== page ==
The headline for the article, “It’s 2018: You Can Run for Office and Not Wear a Pantsuit” is misleading. It makes the reader feel that as a politician you can eschew any and all norms of dress. That is not true.
“What I love about today is that a woman in politics can wear a pantsuit,” shares Rosana Vollmerhausen. “There are brands like Argent and Suisstudio that are completely reinventing the idea of the stodgy ill-fitting pantsuit for women that was meant to mask, cover, and make more “male” a woman who is stepping into a ‘man’s world.’ It’s less about a woman wearing menswear nowadays and all about a woman having a powerful, tailored, modern professional garment that is all her own.”
Male politicians have a uniform, they wear suits and ties for debates and golf shirts with khakis for casual events. Women’s fashion is far more complicated; our capsule wardrobe simplifies the process of getting dressed so a candidate can focus on what is important – her campaign. Pieces were chosen for versatility, comfort, event appropriateness, and to let the candidate’s message take center stage.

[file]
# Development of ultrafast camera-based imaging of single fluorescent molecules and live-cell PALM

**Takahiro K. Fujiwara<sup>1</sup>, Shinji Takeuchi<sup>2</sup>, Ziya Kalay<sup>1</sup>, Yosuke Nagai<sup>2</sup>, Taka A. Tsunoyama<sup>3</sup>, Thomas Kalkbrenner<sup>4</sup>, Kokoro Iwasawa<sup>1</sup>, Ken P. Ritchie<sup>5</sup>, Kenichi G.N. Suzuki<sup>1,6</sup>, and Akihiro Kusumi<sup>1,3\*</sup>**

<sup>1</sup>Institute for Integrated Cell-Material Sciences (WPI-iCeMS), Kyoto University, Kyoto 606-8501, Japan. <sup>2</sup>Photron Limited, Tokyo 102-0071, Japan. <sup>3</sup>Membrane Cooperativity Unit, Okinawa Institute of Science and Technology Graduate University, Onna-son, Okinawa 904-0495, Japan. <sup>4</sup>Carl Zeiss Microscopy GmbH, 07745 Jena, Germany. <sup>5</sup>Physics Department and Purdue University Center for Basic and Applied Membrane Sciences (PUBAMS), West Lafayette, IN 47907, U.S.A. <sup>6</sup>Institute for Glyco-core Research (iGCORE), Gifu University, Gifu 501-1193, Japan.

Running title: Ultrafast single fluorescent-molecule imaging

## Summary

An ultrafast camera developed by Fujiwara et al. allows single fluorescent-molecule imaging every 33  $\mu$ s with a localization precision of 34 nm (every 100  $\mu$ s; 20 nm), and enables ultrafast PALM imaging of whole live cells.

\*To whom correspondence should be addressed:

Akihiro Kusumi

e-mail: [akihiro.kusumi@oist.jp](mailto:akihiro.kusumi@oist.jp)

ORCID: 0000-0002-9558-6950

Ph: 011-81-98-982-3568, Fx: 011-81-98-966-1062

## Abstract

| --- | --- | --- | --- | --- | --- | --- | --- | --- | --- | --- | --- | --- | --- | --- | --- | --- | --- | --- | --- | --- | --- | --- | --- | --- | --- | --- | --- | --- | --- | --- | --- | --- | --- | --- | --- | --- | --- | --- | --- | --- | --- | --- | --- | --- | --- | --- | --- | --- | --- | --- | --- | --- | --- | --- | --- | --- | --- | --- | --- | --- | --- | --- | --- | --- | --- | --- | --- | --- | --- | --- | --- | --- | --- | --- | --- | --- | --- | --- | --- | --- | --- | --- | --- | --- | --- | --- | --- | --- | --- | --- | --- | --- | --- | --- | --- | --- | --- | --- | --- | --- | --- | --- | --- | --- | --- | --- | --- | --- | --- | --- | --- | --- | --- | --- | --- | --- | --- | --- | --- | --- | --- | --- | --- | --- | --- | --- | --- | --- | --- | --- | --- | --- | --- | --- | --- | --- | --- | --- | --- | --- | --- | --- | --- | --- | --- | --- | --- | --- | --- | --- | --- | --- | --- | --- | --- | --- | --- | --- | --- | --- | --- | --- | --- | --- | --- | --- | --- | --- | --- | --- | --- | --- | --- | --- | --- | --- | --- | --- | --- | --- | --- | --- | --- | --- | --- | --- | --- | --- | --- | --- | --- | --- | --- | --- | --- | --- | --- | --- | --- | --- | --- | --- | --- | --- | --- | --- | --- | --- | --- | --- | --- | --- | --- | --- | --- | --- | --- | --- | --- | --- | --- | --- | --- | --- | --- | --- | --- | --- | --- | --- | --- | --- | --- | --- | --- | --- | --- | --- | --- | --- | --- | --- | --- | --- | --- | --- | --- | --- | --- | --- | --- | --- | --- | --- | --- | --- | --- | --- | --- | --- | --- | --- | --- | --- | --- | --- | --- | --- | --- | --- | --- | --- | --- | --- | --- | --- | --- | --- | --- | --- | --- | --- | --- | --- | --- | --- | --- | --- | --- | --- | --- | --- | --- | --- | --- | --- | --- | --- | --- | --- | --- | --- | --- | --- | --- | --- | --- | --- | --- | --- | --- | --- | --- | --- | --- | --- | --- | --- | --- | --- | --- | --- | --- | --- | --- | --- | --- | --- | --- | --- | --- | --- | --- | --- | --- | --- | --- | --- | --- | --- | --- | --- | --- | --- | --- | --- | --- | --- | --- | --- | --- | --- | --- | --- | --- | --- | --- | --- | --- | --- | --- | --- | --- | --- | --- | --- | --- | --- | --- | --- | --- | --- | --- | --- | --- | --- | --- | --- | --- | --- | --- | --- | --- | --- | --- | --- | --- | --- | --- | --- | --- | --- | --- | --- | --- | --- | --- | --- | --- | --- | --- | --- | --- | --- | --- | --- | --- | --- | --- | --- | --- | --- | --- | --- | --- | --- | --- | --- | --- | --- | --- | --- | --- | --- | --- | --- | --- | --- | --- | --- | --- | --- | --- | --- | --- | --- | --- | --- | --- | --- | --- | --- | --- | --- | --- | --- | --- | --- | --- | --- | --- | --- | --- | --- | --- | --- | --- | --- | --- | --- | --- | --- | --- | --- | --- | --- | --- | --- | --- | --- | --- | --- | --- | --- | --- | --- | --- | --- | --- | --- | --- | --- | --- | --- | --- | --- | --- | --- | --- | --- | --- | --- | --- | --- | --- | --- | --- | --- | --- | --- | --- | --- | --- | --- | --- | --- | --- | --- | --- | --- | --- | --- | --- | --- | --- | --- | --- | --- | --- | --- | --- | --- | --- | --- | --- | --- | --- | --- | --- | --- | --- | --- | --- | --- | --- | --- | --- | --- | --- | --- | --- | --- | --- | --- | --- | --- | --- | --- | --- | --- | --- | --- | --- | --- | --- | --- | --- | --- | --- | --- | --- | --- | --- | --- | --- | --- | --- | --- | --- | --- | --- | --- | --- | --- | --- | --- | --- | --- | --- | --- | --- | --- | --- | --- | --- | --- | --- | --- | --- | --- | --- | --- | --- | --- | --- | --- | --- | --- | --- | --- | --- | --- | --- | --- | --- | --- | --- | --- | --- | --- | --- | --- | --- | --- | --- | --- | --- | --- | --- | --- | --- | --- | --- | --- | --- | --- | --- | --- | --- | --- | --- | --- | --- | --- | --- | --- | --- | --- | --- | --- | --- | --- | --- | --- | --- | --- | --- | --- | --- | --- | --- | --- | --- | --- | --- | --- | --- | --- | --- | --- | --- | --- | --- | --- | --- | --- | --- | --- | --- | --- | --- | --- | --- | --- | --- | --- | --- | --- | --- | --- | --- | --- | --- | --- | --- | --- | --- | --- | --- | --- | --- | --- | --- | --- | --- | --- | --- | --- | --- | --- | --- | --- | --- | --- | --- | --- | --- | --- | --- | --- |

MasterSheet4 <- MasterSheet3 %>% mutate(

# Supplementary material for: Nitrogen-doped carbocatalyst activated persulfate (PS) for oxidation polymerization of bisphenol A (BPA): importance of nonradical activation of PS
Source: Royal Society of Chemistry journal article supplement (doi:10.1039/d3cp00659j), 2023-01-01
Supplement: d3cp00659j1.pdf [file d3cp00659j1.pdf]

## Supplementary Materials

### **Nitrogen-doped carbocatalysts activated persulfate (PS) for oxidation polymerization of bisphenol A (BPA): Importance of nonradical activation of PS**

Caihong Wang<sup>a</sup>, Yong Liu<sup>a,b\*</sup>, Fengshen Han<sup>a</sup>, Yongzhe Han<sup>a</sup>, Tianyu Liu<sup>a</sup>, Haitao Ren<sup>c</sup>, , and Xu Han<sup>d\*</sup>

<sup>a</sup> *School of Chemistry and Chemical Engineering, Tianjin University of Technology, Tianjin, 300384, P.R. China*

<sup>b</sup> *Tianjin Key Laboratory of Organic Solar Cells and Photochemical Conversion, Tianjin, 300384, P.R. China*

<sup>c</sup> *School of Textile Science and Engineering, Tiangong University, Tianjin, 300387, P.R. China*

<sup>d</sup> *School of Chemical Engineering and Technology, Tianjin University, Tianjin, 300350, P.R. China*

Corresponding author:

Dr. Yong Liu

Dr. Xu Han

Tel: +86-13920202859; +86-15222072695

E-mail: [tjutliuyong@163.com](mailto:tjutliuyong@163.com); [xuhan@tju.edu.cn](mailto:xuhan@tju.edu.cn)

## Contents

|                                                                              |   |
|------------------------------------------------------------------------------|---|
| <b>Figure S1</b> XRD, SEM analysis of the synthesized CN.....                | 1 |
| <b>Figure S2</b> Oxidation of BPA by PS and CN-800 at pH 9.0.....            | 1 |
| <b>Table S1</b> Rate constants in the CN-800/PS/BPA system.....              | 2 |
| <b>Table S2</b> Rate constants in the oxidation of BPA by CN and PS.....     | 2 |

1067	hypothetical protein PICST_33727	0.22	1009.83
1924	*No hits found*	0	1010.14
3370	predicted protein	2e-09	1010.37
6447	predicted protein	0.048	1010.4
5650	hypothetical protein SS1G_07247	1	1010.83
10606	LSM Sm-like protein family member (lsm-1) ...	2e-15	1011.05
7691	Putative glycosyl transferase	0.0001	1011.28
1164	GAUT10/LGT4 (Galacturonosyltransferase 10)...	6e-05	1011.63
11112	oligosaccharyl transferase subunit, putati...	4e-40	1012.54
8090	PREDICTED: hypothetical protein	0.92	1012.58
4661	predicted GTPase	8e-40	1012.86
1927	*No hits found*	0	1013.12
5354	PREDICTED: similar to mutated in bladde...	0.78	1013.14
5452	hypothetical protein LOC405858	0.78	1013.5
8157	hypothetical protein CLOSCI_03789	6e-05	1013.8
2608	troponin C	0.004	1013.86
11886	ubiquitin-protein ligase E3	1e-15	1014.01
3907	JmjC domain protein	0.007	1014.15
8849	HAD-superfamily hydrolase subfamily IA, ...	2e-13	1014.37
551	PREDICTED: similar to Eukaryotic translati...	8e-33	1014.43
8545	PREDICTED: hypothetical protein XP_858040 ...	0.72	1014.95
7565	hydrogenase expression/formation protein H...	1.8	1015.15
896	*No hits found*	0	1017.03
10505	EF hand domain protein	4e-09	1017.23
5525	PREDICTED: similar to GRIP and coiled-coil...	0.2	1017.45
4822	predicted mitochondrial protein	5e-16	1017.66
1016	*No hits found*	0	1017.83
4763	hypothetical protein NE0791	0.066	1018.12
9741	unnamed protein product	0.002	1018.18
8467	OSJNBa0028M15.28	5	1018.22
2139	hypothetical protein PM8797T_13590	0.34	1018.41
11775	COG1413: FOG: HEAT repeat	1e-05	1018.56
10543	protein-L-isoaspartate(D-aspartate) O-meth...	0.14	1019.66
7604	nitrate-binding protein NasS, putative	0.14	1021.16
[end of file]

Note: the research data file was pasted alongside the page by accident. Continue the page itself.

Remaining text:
Last week, Rosana and I were chatting over text about Cynthia Nixon’s campaign fashion. Running for governor of New York, Nixon needs to control her narrative. She is not Miranda from Sex and the City, she is an intelligent, informed, qualified candidate who is accessible and understands the needs of her state. Her wardrobe choices evoke that message, they’re not boring but they’re simple enough to let her message be front and center. If you look at what she wears, it’s essentially the capsule wardrobe that we created and she re-wears pieces over and over in different ways for different situations. Scroll through her Instagram and you’ll see she wears a soft jacket over a sheath dress, dresses with interesting necklines but otherwise simple silhouettes, subtle patterns, silky blouses under blazers or with tailored trousers, classic pumps and loafers with almond toes, jewelry that adds shine without overwhelming the outfit, and plenty of solid jewel tones.